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A Framework and Ontology for Mobile Sensor Platforms in Home Health Management
Mark Hennessy, Chris Oentojo, and Steve Ray
(Carnegie Mellon Silicon Valley, USA)
In an effort to reduce healthcare costs, home healthcare devices are seeing increased use. However, many of these devices are specialized, operate independently and use proprietary interfaces, diluting the cost savings. Smartphones offer a way to retain these cost savings by serving as a sensor hub within the home. In this paper we describe an extensible framework that combines a mobile device interfacing with health sensors in the home, a set of ontologies to map sensor data to clinical information standards such as IEEE 11073, and a cloud-based reasoning and mapping system built with OWL, SPARQL and SPIN. This approach capitalizes on the ease of use and low cost of smartphones, and the computational power and flexibility of a cloud-based semantic web reasoner. A proof of concept implementation is presented.
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Comparing Privacy Control Methods for Smartphone Platforms
Mohammed Alhamed, Khalid Amiri, Mansoor Omari, and Wei Le
(Rochester Institute of Technology, USA)
Nowadays, many important applications are performed through mobile phones. It is essential to ensure that users private information is not leaked through those applications. In this paper, we perform a comparison on privacy control methods implemented on the Android and iOS platforms based on the Bellotti and Sellens framework. The comparison helps understand the discrepancies existent between the users expectations for privacy and the privacy control methods currently implemented in Android and iOS. To better address users privacy concerns, we propose a programming model for platform designers to improve privacy. Our initial study on 60 privacy bugs show that using the proposed programming models, 14 Android and 5 iOS privacy bugs can be eliminated.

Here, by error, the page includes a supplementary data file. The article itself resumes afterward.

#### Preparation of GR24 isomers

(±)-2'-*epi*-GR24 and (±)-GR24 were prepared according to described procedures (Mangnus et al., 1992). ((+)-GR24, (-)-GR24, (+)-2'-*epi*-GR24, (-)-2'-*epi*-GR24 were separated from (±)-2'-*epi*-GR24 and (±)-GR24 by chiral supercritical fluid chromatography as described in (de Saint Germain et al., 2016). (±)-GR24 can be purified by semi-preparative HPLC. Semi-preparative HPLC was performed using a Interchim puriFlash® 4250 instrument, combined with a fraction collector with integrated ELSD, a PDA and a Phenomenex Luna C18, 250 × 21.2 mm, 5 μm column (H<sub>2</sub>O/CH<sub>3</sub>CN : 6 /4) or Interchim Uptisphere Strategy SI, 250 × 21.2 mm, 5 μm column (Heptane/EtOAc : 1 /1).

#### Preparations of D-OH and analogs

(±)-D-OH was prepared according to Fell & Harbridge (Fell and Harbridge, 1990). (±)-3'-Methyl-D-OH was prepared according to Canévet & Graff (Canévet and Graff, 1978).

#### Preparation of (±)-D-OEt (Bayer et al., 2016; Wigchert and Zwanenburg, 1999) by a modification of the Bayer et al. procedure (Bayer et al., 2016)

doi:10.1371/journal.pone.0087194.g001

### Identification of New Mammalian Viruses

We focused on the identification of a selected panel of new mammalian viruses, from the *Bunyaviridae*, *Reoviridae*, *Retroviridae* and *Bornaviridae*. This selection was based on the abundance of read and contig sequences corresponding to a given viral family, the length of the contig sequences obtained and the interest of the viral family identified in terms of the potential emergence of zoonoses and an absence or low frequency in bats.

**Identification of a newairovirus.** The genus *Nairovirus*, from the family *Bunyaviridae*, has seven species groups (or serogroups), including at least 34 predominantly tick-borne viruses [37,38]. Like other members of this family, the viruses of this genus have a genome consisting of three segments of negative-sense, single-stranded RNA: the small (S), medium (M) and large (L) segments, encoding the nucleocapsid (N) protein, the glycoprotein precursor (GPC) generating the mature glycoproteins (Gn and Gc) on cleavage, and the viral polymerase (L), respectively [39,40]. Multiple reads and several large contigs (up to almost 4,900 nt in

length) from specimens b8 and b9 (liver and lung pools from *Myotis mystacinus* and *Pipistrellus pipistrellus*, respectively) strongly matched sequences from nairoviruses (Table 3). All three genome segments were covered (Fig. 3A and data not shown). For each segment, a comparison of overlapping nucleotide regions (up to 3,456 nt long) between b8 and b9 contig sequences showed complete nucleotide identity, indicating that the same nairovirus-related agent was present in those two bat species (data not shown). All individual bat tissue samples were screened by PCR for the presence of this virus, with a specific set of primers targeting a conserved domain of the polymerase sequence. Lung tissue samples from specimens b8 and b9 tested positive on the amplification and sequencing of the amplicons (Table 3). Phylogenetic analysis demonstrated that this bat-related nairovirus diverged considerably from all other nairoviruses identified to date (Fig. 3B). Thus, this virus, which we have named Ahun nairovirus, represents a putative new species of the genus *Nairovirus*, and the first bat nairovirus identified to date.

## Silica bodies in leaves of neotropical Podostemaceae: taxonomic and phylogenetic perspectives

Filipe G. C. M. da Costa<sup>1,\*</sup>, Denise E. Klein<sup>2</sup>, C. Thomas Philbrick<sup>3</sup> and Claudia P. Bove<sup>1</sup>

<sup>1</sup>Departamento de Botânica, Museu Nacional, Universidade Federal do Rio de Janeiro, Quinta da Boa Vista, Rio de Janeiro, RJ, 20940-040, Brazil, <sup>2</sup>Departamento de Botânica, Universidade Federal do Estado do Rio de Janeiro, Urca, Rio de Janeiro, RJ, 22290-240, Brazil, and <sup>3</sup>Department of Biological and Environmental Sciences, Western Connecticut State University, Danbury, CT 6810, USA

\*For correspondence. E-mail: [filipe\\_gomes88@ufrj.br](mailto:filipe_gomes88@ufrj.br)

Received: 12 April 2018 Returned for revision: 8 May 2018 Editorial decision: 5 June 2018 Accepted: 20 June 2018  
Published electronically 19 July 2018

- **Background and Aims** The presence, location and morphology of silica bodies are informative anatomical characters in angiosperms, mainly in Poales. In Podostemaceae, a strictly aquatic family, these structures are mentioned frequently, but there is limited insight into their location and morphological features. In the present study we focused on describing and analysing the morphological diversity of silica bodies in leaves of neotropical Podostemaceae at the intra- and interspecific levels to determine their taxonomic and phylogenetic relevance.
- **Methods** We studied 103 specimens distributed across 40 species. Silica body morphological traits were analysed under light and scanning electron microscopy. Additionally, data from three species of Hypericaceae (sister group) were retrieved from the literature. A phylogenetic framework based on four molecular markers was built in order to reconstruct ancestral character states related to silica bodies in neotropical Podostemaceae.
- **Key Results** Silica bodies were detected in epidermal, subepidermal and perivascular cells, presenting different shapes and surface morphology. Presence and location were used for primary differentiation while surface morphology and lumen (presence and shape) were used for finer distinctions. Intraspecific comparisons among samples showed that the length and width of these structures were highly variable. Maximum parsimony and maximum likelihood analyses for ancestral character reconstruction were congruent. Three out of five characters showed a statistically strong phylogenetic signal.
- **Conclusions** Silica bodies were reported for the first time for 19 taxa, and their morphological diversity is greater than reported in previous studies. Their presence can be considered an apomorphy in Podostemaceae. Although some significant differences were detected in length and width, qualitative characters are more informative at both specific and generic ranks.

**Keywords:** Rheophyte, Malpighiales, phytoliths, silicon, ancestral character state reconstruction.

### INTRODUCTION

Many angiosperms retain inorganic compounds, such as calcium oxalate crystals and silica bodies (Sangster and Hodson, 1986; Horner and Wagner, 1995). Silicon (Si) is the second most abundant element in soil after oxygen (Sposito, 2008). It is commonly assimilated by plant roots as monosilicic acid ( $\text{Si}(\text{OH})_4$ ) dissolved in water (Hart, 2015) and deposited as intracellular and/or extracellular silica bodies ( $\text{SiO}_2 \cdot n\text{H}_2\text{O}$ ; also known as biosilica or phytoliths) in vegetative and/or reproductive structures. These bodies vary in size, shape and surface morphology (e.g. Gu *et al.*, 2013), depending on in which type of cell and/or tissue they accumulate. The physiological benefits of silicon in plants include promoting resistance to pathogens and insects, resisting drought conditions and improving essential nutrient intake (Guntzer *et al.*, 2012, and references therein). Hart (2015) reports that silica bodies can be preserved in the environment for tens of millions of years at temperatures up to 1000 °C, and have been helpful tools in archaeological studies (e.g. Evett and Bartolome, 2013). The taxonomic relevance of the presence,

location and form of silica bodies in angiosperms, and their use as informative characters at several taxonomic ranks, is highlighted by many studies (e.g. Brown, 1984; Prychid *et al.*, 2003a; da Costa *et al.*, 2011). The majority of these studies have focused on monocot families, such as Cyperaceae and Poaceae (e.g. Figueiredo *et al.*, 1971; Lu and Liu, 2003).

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Securing Static Nodes in Mobile-Enabled Systems using a Network-Layer Moving Target Defense
Stephen Groat, Reese Moore, Randy Marchany, and Joseph Tront
(Virginia Tech, USA)
As computing becomes mobile and systems enable connectivity through mobile applications, the characteristics of the network communication of these systems change due to the instability of mobile nodes on networks. Mobile devices logically move by changing addresses throughout the course of their communication in the system. These mobiles nodes acquire characteristics of a moving target defense, in which nodes change addresses to avoid detection and attack. Yet, as mobile nodes change addresses, the critical points in the system that applications are set to communicate with, such as servers, cloud services, and peer registration servers, remain static and become easily identifiable. Mobile-enabled systems are beginning to model heterogeneous moving target networks, in which some nodes move while others remain static. Heterogeneous moving target networks expose relationships and dependencies between nodes, helping an attacker easily identify the static, critical nodes within a mobile-enabled system. Homogeneous moving target networks, in which all nodes change addresses, mask the critical points within the system, blending the mobile nodes with the critical, static nodes, and provide additional security for the static nodes. By applying a moving target defense to all nodes withina mobile-enabled system, the critical points can be masked andadditional security can be provided